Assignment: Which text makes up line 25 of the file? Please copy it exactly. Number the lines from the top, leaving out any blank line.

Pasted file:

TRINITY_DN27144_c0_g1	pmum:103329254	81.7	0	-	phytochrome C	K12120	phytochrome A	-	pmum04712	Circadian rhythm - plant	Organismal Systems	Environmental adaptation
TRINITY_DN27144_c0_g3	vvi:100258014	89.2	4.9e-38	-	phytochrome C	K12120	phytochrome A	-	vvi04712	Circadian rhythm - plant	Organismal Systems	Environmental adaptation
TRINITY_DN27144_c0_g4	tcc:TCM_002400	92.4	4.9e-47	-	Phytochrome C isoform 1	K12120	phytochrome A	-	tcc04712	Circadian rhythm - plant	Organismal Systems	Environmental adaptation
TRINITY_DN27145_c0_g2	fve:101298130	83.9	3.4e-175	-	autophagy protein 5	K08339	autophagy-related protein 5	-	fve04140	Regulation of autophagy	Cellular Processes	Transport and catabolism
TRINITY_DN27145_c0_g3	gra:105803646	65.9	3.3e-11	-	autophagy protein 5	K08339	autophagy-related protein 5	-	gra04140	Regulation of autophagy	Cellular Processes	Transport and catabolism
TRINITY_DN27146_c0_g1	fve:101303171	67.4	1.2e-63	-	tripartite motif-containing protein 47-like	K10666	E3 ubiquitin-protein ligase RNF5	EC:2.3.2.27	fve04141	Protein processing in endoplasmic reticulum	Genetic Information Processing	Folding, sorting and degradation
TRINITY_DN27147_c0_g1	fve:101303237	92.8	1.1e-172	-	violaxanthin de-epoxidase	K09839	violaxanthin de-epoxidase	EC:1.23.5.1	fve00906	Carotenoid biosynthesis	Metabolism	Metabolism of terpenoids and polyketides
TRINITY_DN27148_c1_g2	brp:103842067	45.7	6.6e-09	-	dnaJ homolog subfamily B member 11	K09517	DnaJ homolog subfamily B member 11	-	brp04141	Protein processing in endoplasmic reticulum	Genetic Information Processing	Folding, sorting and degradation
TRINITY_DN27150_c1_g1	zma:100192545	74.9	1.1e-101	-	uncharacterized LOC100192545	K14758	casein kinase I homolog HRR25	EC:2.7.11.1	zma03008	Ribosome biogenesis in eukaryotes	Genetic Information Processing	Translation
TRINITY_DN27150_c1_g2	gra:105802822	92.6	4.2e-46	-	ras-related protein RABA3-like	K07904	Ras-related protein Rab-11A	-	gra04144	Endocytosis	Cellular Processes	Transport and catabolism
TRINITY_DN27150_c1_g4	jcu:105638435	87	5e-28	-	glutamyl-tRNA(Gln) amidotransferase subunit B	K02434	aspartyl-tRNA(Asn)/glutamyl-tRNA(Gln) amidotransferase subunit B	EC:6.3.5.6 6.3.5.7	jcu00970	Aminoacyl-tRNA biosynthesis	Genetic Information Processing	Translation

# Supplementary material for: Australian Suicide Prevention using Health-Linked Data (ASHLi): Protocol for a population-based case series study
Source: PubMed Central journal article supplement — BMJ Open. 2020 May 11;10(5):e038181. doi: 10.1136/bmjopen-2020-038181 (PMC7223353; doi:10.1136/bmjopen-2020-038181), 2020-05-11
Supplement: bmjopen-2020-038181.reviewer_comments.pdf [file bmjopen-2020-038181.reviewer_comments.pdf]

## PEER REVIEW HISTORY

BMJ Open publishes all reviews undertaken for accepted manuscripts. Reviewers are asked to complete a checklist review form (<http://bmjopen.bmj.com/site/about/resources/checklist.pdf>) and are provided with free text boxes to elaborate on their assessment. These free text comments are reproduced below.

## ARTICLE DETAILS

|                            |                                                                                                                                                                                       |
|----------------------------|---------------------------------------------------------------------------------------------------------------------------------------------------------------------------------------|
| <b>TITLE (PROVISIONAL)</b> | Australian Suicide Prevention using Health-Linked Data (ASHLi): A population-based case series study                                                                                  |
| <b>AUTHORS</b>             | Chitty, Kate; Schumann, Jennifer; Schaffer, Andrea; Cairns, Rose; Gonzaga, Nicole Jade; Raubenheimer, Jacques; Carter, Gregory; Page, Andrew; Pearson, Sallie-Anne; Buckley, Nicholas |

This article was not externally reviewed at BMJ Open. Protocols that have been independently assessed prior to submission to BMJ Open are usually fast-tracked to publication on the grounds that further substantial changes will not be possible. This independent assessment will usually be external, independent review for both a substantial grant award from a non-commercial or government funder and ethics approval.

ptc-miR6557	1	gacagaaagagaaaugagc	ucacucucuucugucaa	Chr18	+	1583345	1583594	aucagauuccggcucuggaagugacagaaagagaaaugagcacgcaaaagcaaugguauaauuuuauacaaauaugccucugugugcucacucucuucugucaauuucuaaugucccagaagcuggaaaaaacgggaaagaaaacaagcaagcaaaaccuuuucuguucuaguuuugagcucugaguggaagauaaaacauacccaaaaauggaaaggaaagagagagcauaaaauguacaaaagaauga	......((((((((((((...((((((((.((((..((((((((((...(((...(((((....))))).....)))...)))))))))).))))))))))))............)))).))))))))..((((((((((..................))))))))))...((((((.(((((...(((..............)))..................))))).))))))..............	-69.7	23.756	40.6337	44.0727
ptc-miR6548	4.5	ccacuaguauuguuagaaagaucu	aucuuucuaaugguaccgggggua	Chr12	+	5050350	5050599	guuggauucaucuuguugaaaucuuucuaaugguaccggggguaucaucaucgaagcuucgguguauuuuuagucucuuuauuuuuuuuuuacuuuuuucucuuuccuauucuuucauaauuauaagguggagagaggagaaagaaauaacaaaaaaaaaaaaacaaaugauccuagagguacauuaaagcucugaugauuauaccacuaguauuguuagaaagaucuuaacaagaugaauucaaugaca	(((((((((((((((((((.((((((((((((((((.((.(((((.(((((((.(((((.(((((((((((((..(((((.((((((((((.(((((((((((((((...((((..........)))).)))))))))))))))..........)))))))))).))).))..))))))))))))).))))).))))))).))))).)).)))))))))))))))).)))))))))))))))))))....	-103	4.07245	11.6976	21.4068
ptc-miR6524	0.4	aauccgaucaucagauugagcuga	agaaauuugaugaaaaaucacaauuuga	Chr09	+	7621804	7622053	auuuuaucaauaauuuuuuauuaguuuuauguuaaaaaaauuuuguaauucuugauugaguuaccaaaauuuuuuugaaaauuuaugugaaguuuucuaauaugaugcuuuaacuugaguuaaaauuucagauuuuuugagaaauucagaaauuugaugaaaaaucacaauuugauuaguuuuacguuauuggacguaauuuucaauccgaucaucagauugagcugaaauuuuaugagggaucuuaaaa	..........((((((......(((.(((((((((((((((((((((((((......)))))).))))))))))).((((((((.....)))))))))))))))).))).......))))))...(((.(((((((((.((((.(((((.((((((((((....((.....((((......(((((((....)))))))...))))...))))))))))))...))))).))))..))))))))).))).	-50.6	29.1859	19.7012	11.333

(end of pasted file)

ptc-miR6524	0.4	aauccgaucaucagauugagcuga	agaaauuugaugaaaaaucacaauuuga	Chr09	+	7621804	7622053	auuuuaucaauaauuuuuuauuaguuuuauguuaaaaaaauuuuguaauucuugauugaguuaccaaaauuuuuuugaaaauuuaugugaaguuuucuaauaugaugcuuuaacuugaguuaaaauuucagauuuuuugagaaauucagaaauuugaugaaaaaucacaauuugauuaguuuuacguuauuggacguaauuuucaauccgaucaucagauugagcugaaauuuuaugagggaucuuaaaa	..........((((((......(((.(((((((((((((((((((((((((......)))))).))))))))))).((((((((.....)))))))))))))))).))).......))))))...(((.(((((((((.((((.(((((.((((((((((....((.....((((......(((((((....)))))))...))))...))))))))))))...))))).))))..))))))))).))).	-50.6	29.1859	19.7012	11.333